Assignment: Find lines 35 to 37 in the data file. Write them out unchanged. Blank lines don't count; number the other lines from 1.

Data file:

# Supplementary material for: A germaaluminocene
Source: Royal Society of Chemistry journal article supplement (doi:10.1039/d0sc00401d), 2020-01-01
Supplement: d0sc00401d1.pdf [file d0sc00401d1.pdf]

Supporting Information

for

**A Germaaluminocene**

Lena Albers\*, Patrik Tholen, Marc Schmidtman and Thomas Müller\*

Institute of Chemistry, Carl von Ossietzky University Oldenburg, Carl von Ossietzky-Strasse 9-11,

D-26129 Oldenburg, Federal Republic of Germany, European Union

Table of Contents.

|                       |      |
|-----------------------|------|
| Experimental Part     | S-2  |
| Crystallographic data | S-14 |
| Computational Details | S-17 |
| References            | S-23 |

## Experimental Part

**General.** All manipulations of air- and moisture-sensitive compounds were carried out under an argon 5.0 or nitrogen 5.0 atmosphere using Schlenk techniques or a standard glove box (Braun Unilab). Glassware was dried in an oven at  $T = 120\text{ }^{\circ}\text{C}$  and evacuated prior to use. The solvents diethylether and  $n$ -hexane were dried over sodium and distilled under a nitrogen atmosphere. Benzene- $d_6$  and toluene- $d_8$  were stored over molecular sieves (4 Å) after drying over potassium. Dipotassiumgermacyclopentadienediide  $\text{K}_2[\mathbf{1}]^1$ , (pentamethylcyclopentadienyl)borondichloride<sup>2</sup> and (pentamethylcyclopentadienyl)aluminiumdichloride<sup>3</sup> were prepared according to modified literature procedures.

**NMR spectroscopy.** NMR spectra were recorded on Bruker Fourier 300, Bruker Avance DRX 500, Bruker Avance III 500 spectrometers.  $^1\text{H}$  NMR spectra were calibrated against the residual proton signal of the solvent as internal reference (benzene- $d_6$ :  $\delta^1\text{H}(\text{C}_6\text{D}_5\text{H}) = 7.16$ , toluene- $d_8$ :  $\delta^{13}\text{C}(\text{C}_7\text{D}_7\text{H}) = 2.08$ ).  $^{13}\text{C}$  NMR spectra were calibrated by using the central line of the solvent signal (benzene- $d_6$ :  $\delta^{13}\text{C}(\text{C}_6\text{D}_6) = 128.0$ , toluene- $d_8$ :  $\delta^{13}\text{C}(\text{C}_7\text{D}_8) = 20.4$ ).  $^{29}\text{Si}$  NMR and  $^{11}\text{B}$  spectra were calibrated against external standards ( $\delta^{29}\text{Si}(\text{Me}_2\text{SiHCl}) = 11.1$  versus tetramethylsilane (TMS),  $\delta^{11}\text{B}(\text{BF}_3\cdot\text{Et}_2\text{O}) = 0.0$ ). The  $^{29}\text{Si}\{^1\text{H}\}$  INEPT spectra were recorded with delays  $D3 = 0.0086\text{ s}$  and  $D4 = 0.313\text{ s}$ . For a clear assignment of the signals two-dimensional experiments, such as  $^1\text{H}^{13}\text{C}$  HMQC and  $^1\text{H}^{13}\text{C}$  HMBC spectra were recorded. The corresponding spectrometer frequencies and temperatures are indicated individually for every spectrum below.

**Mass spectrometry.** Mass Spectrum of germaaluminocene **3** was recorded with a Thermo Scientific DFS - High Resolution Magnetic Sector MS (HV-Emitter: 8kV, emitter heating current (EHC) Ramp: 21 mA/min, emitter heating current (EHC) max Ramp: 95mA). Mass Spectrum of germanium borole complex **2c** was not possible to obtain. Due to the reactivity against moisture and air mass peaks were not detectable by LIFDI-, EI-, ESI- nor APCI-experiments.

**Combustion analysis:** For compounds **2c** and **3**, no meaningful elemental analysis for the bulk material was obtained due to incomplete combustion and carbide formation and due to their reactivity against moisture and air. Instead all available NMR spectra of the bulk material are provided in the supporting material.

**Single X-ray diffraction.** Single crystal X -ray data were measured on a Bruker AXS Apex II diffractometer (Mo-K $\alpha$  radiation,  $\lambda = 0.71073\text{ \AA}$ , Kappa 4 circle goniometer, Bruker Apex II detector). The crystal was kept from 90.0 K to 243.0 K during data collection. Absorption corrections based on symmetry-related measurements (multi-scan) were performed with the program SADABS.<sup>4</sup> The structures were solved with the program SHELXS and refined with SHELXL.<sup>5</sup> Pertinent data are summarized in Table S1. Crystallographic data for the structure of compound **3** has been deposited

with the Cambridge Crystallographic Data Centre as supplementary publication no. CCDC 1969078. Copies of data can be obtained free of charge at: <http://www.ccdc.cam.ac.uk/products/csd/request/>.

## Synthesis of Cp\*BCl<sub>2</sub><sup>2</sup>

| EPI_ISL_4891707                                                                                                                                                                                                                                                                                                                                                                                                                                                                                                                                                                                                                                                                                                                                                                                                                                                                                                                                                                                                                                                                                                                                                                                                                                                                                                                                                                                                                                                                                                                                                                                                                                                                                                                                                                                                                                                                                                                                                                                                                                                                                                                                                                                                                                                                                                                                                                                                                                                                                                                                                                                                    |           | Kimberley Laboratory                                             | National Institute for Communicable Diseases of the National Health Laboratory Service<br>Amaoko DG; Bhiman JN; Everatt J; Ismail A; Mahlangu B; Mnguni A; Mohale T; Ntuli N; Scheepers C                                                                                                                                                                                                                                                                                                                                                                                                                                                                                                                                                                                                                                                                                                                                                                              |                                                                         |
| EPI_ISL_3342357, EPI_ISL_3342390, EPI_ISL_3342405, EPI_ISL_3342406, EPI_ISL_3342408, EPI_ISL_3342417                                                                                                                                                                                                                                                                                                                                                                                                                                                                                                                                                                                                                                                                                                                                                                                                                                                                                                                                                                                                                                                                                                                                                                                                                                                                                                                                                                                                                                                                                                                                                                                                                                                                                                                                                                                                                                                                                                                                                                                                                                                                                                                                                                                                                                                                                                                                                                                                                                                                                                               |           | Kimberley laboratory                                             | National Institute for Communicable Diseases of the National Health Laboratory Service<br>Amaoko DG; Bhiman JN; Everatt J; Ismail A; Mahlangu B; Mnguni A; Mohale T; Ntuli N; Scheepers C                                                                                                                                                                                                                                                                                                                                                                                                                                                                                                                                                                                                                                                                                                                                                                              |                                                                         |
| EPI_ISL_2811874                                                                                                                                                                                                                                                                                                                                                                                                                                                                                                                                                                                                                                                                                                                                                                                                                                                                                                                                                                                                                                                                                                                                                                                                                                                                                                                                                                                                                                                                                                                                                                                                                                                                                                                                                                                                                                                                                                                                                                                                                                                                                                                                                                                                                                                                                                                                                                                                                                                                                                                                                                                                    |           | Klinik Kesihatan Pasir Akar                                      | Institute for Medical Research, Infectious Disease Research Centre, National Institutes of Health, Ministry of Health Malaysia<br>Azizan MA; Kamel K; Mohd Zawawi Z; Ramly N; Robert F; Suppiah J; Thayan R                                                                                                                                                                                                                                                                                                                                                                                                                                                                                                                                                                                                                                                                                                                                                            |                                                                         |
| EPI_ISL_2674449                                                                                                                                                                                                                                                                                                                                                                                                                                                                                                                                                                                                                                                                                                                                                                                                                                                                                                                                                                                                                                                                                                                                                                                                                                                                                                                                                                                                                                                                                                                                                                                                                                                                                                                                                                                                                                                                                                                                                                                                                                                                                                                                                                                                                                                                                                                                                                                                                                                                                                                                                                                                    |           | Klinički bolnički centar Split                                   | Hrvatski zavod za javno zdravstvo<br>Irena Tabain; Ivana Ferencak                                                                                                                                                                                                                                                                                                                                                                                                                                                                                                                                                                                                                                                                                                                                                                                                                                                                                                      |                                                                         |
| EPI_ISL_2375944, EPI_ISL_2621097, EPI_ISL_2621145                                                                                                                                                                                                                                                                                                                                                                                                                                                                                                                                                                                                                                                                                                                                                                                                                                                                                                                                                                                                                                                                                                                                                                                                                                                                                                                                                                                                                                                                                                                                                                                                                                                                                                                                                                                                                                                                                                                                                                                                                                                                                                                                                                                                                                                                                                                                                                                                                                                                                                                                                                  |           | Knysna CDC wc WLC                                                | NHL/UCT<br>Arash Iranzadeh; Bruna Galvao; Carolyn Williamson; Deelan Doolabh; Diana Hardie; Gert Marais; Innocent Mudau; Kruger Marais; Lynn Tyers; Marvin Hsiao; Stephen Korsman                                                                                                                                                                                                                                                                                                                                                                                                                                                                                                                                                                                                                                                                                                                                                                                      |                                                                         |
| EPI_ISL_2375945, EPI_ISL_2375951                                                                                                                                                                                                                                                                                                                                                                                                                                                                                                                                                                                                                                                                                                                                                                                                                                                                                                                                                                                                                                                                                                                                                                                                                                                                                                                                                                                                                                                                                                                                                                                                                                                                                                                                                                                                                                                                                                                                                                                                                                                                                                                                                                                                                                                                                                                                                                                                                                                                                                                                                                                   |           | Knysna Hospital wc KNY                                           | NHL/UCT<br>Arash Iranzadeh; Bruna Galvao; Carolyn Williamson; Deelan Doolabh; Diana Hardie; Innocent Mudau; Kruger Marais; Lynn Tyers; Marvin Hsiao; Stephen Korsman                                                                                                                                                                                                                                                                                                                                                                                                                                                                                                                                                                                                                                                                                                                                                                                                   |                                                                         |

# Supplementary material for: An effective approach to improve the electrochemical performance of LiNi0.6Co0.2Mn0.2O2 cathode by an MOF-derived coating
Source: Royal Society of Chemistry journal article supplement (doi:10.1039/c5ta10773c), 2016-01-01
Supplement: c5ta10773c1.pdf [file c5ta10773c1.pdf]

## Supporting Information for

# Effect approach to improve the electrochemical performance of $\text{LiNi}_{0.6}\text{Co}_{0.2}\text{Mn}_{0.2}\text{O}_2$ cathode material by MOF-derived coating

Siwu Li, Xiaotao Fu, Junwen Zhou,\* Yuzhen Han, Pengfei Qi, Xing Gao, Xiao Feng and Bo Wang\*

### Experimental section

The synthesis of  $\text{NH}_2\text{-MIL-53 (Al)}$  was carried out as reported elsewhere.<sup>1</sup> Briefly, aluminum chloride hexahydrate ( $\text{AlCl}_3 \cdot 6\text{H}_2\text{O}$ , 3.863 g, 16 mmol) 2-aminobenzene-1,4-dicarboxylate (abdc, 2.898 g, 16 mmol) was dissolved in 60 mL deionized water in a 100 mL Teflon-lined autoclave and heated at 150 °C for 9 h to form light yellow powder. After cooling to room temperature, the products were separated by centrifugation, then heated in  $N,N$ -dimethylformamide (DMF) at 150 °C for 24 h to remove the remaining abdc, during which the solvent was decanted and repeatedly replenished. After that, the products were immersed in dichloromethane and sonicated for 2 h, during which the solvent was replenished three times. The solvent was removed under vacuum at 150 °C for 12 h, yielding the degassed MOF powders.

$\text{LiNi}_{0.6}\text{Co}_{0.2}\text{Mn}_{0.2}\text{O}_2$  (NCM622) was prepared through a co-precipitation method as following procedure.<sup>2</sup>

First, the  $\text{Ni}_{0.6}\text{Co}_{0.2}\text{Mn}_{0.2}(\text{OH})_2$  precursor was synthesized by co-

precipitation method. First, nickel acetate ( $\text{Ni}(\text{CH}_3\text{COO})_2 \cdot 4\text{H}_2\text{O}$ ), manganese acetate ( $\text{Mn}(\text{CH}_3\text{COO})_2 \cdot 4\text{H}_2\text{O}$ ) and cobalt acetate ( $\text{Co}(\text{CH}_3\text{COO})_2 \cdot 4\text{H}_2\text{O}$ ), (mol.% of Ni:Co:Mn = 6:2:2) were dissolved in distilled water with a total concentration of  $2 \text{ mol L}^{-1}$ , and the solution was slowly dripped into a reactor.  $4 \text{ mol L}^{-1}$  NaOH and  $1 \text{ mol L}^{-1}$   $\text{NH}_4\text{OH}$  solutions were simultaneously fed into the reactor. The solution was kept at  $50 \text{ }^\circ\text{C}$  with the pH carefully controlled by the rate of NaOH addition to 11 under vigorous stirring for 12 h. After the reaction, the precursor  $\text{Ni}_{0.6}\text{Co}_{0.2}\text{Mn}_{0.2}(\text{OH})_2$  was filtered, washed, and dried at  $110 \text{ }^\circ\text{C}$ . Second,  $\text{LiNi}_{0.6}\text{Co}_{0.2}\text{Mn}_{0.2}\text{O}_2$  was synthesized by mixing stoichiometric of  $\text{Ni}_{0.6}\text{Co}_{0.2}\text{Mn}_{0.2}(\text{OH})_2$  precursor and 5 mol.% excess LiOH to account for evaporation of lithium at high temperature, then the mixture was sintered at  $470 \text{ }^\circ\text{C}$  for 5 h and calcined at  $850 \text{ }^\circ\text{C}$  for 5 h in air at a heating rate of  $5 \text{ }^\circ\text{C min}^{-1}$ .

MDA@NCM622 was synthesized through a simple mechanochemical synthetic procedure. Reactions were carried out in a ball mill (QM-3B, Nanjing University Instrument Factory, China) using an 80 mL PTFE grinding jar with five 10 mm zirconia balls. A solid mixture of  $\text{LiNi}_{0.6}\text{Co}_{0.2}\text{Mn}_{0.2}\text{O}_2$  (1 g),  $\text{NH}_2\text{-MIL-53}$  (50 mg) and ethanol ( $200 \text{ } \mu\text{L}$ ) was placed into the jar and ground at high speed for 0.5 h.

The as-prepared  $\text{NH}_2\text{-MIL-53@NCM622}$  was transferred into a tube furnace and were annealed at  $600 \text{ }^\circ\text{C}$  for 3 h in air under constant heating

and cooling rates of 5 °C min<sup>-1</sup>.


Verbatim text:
# Effect approach to improve the electrochemical performance of $\text{LiNi}_{0.6}\text{Co}_{0.2}\text{Mn}_{0.2}\text{O}_2$ cathode material by MOF-derived coating

Siwu Li, Xiaotao Fu, Junwen Zhou,\* Yuzhen Han, Pengfei Qi, Xing Gao, Xiao Feng and Bo Wang\*

### Experimental section